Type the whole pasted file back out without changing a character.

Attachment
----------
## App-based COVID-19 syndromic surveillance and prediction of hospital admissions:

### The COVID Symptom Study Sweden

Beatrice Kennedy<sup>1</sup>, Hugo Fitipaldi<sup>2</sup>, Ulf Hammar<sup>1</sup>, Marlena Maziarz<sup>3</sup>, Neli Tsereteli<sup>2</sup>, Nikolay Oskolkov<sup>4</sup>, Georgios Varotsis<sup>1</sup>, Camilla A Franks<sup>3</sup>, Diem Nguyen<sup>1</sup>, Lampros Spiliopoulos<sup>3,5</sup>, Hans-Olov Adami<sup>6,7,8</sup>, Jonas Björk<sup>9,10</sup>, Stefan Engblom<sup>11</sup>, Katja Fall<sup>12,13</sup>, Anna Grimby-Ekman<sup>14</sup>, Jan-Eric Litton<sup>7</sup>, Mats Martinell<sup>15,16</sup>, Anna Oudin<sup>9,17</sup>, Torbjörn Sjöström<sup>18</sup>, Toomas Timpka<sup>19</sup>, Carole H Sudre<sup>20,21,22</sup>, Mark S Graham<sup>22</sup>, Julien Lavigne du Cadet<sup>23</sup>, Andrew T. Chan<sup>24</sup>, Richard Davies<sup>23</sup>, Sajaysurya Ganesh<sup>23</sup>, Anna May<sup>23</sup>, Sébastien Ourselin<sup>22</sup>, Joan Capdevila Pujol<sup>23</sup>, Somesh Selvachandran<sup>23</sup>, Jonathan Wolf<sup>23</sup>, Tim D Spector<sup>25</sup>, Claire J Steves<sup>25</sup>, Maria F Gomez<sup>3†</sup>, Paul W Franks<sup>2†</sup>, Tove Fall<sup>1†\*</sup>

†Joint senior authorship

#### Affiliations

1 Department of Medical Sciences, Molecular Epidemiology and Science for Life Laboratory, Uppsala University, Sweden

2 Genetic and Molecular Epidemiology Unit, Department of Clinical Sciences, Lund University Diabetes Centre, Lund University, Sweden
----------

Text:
## App-based COVID-19 syndromic surveillance and prediction of hospital admissions:

### The COVID Symptom Study Sweden

Beatrice Kennedy<sup>1</sup>, Hugo Fitipaldi<sup>2</sup>, Ulf Hammar<sup>1</sup>, Marlena Maziarz<sup>3</sup>, Neli Tsereteli<sup>2</sup>, Nikolay Oskolkov<sup>4</sup>, Georgios Varotsis<sup>1</sup>, Camilla A Franks<sup>3</sup>, Diem Nguyen<sup>1</sup>, Lampros Spiliopoulos<sup>3,5</sup>, Hans-Olov Adami<sup>6,7,8</sup>, Jonas Björk<sup>9,10</sup>, Stefan Engblom<sup>11</sup>, Katja Fall<sup>12,13</sup>, Anna Grimby-Ekman<sup>14</sup>, Jan-Eric Litton<sup>7</sup>, Mats Martinell<sup>15,16</sup>, Anna Oudin<sup>9,17</sup>, Torbjörn Sjöström<sup>18</sup>, Toomas Timpka<sup>19</sup>, Carole H Sudre<sup>20,21,22</sup>, Mark S Graham<sup>22</sup>, Julien Lavigne du Cadet<sup>23</sup>, Andrew T. Chan<sup>24</sup>, Richard Davies<sup>23</sup>, Sajaysurya Ganesh<sup>23</sup>, Anna May<sup>23</sup>, Sébastien Ourselin<sup>22</sup>, Joan Capdevila Pujol<sup>23</sup>, Somesh Selvachandran<sup>23</sup>, Jonathan Wolf<sup>23</sup>, Tim D Spector<sup>25</sup>, Claire J Steves<sup>25</sup>, Maria F Gomez<sup>3†</sup>, Paul W Franks<sup>2†</sup>, Tove Fall<sup>1†\*</sup>

†Joint senior authorship

#### Affiliations

1 Department of Medical Sciences, Molecular Epidemiology and Science for Life Laboratory, Uppsala University, Sweden

2 Genetic and Molecular Epidemiology Unit, Department of Clinical Sciences, Lund University Diabetes Centre, Lund University, Sweden